No matter your age or experience, if you’re in school, every extra resource counts and is appreciated. For two of this year’s Shinoda Scholarship Foundation winners, the scholarship and their appreciation for what it means to their careers connects two dissimilar lives.
Kelly Norris, Living The Horticultural Life
At 19, Kelly Norris of Bedford, Iowa, is the youngest recipient of the 2006 Shinoda Scholarship. But at such a young age, his resume already reads like a horticulture industry veteran. Garden writer. Newspaper columnist. Lecturer. On top of these activities, the Iowa State University sophomore juggles a more-than-full 21-credit-hour schedule that includes classes, labs and a hosta genetics research program. Did I mention he manages a seven-acre specialty iris nursery, too?
Like many who encounter gardening and plants as a child, horticulture has become Kelly’s life, with everything else merely a hobby. “My earliest garden memories trace back to when I was four, about as soon as I was able to hold a trowel in my hand,” Kelly says. “I have very early memories of helping my grandmother in the garden. She was a nurturer of my inquiry into nature and gardening.” Being raised on a farm also accounts for his knack for horticulture, with gardening, according to Kelly, being a natural extension of a farm family’s outdoor life.
Kelly turned from avid gardener to garden professional at age 13. His first lecture, to a garden club about ways to attract birds, led to online and print articles for regional garden publications. He now publishes on a range of ornamental topics for mainly regional publications and lectures at least once per month throughout the Midwest. He’s also a member of more than a dozen professional societies and is even on the scientific advisory committee of the American Iris Society.
With a background like this, it’s no wonder that Kelly is emphasizing horticultural communications and public education in the ISU horticulture department. “As an industry we have an obligation as vendors of horticulture products to educate our customers,” Kelly says. “We should provide every opportunity we can to put consumers in touch with information to help them make better-informed decisions about their landscapes and to help them make better buying decisions,” he continues. Noting the demand of this “information hungry world” will eventually turn into an expectation on the consumers’ part, Kelly speculates that the obligation will eventually fall on the retailer to provide as much information as possible regarding all the goods and services they sell.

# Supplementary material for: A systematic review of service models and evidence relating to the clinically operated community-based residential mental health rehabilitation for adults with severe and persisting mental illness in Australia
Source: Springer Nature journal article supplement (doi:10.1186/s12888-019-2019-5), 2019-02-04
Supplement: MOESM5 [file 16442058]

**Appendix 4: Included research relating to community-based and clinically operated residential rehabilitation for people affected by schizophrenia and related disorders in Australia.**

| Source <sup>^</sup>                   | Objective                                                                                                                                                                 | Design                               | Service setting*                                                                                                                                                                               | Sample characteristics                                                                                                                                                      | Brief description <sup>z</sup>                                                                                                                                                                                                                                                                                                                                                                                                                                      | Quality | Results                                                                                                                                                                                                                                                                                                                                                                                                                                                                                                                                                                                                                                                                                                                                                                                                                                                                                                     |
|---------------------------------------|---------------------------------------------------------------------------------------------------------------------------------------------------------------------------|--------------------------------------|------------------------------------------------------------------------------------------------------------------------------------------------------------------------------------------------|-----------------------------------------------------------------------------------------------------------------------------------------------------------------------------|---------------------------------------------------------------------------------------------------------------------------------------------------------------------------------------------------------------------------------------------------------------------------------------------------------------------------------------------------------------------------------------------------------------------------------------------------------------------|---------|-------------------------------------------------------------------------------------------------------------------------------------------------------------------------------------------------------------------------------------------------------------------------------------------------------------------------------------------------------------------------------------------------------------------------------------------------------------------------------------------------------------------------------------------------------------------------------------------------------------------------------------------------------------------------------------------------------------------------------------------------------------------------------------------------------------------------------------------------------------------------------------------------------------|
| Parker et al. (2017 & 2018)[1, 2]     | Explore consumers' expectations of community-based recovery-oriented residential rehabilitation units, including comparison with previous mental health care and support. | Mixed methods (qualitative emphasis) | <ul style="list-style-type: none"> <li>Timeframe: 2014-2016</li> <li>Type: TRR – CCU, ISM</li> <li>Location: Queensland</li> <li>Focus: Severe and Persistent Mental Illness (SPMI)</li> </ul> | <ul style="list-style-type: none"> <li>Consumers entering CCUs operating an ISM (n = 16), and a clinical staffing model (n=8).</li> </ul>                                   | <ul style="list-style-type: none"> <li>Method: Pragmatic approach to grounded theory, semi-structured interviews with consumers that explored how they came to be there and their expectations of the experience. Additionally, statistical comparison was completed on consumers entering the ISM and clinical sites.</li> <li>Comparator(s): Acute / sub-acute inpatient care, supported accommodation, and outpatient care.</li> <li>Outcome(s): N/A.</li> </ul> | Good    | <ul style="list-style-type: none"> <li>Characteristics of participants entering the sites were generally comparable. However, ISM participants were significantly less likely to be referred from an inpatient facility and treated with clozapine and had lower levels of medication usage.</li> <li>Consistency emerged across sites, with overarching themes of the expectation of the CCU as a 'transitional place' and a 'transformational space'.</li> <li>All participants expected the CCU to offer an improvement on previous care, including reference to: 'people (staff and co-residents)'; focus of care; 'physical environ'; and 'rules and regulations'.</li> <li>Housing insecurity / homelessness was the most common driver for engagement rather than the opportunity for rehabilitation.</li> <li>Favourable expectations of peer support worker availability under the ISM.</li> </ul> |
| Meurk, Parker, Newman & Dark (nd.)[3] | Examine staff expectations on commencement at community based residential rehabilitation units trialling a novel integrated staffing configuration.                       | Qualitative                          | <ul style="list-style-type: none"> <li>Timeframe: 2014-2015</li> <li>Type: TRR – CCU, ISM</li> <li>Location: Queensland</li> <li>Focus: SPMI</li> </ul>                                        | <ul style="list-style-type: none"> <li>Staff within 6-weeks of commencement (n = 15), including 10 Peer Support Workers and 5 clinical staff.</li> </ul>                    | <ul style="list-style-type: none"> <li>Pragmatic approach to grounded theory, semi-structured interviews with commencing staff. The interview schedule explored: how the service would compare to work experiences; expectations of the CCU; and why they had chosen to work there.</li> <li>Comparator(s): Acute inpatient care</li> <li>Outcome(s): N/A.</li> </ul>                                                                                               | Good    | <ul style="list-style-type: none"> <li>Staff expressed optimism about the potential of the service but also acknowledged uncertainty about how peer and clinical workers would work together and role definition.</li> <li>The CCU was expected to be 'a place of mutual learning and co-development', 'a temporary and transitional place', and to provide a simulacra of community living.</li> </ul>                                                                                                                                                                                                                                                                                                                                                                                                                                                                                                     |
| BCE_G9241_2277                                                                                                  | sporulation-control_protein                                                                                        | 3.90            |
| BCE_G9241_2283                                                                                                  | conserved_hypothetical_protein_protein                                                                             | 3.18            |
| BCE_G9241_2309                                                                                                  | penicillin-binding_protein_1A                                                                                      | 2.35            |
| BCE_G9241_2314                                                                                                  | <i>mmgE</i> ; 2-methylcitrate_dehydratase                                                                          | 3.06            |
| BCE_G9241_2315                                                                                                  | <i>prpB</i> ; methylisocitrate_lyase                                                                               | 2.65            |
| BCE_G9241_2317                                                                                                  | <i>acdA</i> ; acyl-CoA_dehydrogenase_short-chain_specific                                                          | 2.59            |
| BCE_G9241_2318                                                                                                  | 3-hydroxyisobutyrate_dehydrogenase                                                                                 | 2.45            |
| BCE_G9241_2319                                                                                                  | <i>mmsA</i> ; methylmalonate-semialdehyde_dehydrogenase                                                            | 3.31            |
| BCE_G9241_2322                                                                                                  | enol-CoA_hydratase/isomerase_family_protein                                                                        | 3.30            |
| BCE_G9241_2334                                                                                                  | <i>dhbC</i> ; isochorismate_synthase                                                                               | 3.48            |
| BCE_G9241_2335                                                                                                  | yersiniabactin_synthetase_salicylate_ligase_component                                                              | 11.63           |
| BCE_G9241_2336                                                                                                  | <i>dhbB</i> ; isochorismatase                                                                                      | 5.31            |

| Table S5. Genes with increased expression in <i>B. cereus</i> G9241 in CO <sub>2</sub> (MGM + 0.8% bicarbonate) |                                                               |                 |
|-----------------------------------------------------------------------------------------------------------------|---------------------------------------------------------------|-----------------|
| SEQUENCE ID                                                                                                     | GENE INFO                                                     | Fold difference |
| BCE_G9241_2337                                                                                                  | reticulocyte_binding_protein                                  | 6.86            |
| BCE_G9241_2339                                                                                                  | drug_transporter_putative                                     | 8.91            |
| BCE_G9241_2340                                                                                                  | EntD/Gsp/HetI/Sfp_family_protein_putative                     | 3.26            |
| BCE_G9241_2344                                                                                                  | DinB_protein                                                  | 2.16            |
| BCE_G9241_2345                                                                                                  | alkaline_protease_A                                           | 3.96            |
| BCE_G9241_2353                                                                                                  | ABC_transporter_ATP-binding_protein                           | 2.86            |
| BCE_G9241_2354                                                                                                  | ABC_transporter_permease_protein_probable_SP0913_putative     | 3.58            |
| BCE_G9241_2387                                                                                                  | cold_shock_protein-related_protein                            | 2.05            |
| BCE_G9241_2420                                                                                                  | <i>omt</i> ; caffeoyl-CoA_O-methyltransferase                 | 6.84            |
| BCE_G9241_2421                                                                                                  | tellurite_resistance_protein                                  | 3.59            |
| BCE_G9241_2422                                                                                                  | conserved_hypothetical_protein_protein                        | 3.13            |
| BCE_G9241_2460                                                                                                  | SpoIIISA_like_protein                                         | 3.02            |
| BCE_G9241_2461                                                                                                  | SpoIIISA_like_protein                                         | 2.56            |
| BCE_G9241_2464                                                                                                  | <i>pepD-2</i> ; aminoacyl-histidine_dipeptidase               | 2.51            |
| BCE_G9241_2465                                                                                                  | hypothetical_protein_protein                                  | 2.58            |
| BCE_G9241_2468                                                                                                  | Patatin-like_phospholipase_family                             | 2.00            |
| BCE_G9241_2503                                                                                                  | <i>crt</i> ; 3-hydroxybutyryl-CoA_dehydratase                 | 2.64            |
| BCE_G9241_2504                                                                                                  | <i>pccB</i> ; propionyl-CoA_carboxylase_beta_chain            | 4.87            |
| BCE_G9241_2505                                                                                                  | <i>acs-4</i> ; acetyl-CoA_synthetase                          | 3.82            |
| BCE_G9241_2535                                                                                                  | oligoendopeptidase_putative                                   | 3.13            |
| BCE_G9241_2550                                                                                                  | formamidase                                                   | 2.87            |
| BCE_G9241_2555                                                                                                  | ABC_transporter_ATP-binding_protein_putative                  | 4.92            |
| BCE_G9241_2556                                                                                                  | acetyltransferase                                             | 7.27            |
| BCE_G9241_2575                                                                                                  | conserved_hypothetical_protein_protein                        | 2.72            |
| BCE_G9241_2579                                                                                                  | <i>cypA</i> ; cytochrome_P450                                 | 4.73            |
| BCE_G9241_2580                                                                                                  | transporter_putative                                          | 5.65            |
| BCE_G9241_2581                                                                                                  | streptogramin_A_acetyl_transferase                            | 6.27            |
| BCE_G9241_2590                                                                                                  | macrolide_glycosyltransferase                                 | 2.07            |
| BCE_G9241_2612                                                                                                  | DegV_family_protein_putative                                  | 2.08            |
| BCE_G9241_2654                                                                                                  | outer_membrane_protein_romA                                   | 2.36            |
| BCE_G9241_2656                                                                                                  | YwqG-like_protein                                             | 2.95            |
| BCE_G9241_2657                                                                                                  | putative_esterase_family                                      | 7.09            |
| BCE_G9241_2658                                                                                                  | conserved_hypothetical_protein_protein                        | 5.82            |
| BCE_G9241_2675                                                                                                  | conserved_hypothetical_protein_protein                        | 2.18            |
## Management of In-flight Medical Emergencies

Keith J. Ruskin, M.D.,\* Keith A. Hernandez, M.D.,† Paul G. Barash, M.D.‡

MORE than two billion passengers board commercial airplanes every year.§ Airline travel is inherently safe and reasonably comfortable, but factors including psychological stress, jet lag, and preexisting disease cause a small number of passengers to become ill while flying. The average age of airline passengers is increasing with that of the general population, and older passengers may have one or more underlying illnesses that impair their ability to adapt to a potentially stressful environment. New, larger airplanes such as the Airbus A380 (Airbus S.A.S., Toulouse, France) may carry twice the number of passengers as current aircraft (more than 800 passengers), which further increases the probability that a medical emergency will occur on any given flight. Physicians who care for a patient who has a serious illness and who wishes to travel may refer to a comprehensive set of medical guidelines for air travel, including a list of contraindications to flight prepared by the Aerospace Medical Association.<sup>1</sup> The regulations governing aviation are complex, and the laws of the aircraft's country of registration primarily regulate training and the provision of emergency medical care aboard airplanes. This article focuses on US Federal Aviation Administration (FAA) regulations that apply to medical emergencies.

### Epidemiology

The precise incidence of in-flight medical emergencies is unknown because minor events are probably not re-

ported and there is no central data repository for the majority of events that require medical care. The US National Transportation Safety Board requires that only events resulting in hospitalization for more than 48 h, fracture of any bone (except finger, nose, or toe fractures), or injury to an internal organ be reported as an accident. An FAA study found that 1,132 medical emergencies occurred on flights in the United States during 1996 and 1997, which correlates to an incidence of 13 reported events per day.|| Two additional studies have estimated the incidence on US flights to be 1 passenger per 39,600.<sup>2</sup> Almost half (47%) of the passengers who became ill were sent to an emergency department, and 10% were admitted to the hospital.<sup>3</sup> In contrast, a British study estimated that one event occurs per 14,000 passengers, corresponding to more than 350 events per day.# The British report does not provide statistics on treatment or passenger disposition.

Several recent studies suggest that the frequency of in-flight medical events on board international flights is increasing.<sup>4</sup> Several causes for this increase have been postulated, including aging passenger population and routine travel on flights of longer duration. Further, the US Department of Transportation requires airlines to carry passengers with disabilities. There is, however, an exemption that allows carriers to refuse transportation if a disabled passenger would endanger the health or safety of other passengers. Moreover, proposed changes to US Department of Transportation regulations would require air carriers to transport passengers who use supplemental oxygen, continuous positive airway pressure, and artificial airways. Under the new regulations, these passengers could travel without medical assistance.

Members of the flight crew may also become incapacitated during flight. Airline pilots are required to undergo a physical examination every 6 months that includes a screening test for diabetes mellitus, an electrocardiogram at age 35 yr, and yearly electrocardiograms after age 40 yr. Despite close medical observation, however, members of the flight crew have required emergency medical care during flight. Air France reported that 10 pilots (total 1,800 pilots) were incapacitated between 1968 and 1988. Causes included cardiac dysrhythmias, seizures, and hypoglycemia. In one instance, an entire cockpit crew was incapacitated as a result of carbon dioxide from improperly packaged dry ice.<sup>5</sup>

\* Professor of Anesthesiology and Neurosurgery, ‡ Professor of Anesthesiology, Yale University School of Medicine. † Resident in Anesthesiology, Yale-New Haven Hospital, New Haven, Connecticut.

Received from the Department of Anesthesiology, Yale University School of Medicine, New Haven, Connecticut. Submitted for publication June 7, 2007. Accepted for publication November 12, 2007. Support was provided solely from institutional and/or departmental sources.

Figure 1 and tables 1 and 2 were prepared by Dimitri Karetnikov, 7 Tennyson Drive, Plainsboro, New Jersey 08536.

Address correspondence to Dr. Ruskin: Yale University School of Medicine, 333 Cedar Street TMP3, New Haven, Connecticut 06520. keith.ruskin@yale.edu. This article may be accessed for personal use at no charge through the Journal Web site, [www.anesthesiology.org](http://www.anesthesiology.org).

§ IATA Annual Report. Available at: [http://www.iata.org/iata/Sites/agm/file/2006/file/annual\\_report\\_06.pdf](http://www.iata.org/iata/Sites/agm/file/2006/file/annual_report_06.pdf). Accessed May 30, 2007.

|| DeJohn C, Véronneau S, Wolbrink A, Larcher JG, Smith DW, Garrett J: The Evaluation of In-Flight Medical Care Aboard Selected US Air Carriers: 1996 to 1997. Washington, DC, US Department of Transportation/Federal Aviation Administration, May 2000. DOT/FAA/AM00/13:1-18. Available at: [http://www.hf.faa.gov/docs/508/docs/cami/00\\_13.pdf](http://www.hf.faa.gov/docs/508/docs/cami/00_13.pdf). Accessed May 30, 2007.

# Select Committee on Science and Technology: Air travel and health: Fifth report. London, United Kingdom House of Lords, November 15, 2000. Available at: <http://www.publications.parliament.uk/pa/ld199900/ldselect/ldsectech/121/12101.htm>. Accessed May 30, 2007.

Kelly’s budding communication and education career will be just the tip of the iceberg. His foremost goal is to earn a Ph.D. in ornamental plant breeding and work to expand his current nursery and breeding programs into genera that have yet to enter the marketplace, aspiring to the likes of Dan Heims of Terra Nova Nurseries.
But he doesn’t call any of this a job. “I’ve always held the idea that you have to find something that you love to do and choose that as your career so that at the end of your life you can proudly say you’ve never worked a day.”
Russ Newman, Coming Around To Horticulture
Russ Newman of Nipomo, Calif., the oldest of the 2006 Shinoda Scholarship winners at 27, wasn’t bitten by the horticulture bug until his mid 20s. Prior to entering the California Polytechnic State University, San Luis Obispo (Cal Poly) in January 2005, Russ worked full time in a local bread plant, helping to support his wife, Amber, while she finished her education. When she graduated and it was his turn to earn a degree, Russ considered his enjoyment of plants, as well as the strength of the horticulture industry and the number of greenhouse and cut flower operations where the couple lives along the central coast of California. Having a university with an outstanding horticulture program cemented his decision.